Brian Agler focused on L.A.'s identity
For quite a while now, the Sparks have been the WNBA's most confounding team. Did they have talent? Heck yeah, even during the times that superstar Candace Parker has been injured. But there always seemed to be some missing ingredient.
Something -- even if it was seemingly "bad luck," like buzzer-beating shots from opponents in key playoff games -- that has kept the Sparks from making a return to the WNBA Finals for the last 11 years.
When Brian Agler -- announced Monday as the Sparks' new coach -- was asked what he thought L.A. most required for success, he had a ready answer.
"I think they need to have a personality," Agler said.
Are you nodding your head? Because I did. Agler's answer wasn't said in a glib way. It wasn't an empty clich. The Sparks really do need a personality, which is not the same thing as saying they need players with personality. They already have that.
But who are the Sparks as an organization? They are the last franchise to win back-to-back WNBA titles, but that was more than a decade ago. They are a franchise that appears to be on very solid financial footing after the ownership group that includes Magic Johnson took control a year ago. And having that solidity is a big deal in the WNBA.
However, the Sparks are also a franchise that's now on its sixth coach since 2009, which includes longtime general manager Penny Toler filling in on an interim basis for the conclusion of last season.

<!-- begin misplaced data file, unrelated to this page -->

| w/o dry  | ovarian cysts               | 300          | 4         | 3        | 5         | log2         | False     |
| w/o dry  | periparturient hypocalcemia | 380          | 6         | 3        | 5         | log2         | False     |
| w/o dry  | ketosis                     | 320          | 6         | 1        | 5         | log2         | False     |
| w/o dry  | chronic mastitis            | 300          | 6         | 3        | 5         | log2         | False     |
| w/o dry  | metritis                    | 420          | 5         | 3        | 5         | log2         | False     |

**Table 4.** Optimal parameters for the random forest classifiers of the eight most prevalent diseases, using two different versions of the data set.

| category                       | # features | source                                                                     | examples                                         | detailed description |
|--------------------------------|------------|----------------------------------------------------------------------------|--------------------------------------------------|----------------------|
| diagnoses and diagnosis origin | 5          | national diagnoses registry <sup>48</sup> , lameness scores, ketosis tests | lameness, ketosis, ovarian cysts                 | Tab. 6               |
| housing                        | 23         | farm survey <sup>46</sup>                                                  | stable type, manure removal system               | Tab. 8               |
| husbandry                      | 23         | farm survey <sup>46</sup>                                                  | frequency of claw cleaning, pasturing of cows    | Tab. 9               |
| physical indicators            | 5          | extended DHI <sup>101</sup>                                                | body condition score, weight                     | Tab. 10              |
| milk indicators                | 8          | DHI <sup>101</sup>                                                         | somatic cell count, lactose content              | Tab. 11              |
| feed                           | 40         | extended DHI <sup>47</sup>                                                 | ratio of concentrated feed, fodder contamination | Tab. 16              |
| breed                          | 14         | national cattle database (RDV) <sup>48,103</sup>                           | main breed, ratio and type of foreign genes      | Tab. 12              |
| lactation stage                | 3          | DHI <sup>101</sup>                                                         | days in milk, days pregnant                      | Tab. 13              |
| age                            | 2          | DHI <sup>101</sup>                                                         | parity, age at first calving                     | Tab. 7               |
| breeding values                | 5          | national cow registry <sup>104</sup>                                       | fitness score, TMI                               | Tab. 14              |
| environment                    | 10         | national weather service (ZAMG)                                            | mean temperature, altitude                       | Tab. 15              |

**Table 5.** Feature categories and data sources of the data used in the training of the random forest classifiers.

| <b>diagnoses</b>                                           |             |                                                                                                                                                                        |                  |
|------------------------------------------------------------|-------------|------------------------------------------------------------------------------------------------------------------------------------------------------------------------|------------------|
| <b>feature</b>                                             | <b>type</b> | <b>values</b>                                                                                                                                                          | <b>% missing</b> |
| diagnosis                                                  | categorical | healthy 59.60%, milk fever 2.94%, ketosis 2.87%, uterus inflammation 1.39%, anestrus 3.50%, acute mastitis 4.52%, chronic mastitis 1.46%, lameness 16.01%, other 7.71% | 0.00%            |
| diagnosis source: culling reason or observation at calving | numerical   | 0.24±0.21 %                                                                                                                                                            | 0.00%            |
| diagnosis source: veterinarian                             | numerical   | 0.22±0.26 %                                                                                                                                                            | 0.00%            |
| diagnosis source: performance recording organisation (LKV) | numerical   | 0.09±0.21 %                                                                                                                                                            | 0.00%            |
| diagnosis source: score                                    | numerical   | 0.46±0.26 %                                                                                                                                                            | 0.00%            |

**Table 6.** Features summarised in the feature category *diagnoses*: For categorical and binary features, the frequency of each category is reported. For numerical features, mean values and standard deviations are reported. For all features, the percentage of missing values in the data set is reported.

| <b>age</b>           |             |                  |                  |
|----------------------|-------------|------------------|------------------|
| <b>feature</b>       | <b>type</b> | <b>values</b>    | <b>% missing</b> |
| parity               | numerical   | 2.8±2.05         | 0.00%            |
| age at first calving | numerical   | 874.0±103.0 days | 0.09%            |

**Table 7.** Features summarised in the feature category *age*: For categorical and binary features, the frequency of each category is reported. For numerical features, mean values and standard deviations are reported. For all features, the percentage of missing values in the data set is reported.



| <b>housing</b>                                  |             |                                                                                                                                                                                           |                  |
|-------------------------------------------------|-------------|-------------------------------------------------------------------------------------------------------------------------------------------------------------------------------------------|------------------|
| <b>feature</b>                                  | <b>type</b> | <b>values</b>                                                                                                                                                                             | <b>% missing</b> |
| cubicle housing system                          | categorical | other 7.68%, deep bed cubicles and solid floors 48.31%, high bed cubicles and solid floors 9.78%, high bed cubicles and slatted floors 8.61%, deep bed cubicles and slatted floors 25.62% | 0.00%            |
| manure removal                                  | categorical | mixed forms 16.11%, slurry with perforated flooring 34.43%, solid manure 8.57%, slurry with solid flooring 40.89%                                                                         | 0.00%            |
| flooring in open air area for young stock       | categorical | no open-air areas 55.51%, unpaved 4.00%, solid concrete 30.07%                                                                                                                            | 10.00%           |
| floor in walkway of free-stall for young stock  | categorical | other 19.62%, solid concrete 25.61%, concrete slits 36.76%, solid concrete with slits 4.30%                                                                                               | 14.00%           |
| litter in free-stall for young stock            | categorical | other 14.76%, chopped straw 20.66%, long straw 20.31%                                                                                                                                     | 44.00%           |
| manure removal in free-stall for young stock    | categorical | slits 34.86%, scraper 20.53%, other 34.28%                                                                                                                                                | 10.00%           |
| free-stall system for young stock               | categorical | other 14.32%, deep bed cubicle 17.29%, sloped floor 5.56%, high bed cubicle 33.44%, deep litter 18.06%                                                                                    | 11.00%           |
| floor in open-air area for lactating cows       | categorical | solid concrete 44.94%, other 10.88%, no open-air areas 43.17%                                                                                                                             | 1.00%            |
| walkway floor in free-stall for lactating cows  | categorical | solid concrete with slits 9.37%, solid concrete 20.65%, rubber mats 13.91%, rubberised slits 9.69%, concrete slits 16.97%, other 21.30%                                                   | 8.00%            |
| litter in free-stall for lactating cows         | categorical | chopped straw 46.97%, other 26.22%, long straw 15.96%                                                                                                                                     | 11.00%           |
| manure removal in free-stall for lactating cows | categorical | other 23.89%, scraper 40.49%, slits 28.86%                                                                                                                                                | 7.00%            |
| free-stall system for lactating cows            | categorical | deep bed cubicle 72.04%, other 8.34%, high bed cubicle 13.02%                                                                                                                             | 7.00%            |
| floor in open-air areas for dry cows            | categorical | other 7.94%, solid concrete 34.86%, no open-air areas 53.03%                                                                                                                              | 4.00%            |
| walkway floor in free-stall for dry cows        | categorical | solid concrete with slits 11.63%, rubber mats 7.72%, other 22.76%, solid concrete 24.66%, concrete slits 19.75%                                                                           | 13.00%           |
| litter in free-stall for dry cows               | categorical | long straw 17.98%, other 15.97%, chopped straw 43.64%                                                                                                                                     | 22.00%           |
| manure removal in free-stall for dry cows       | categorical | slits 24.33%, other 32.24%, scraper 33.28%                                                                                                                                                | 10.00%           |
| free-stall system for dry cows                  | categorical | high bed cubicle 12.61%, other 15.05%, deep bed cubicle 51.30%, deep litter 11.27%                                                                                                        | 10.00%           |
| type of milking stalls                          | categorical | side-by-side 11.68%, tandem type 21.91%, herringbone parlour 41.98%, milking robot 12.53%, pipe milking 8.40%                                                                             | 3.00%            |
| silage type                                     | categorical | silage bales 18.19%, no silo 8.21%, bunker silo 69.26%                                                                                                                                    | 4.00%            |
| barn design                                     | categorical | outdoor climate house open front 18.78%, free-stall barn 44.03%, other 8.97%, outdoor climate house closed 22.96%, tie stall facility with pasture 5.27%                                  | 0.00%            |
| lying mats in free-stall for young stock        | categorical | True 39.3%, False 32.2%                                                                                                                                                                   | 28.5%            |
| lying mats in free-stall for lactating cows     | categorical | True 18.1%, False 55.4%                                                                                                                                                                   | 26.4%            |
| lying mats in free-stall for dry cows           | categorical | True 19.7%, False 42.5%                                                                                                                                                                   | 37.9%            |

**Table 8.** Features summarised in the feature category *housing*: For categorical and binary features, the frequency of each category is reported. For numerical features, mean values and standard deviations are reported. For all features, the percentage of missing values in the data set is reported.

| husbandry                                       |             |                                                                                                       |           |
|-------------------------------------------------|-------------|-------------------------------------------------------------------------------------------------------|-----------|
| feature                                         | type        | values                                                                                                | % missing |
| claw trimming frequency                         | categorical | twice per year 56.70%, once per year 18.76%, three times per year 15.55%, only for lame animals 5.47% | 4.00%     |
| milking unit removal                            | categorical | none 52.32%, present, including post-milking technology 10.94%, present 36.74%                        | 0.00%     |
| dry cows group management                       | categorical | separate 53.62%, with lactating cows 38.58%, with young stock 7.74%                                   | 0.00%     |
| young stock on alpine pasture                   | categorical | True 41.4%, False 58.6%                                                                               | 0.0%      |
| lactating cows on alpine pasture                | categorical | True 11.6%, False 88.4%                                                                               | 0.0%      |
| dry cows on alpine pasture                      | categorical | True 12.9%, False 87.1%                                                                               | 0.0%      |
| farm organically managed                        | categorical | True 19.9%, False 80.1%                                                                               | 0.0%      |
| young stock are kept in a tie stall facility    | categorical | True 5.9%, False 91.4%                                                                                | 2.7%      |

Now they turn to Agler, who leaves Seattle -- where he won the 2010 WNBA title -- for the enigmatic Sparks.
"There are certain things you have to hang your hat on," Agler said. "Whether it's that you're a defensive team, a great rebounding team, or whatever it is. There has to be a certain personality that you go to work with every single day and a common goal.
"And to me, that can't initially be 'win the WNBA championship.' There have to be steps to take to get to that point."
The Sparks certainly don't require a total revamp. They aren't like the hideous wallpaper, avocado-colored tile, and fake-wood vanity bathroom that needs to be demolished by the "Bath Crashers." But if they want to be a truly competitive team in the near future, they have to do a deep and nuanced observation of what might just need sprucing up and what might need to be replaced.
"I've always admired his work, and I'll have another set of eyes to look at where we maybe can make some improvements," Toler said of Agler. "Brian not only knows the league, but he is a lifer in women's basketball. So we can hit the ground running."
The interesting thing is, Toler also praised Carol Ross, who was fired the day after the All-Star Game last season. This despite Ross having been the WNBA coach of the year in 2012.
That's part of the unpleasant merry-go-round the Sparks have been for too long. When Michael Cooper -- coach of the 2001 and '02 WNBA championship teams -- returned to L.A. in 2007, it seemed like everyone knew who the Sparks were going to be: Their previous selves. That is, a team built around very dominant post play with Lisa Leslie, and a definite sense of swagger.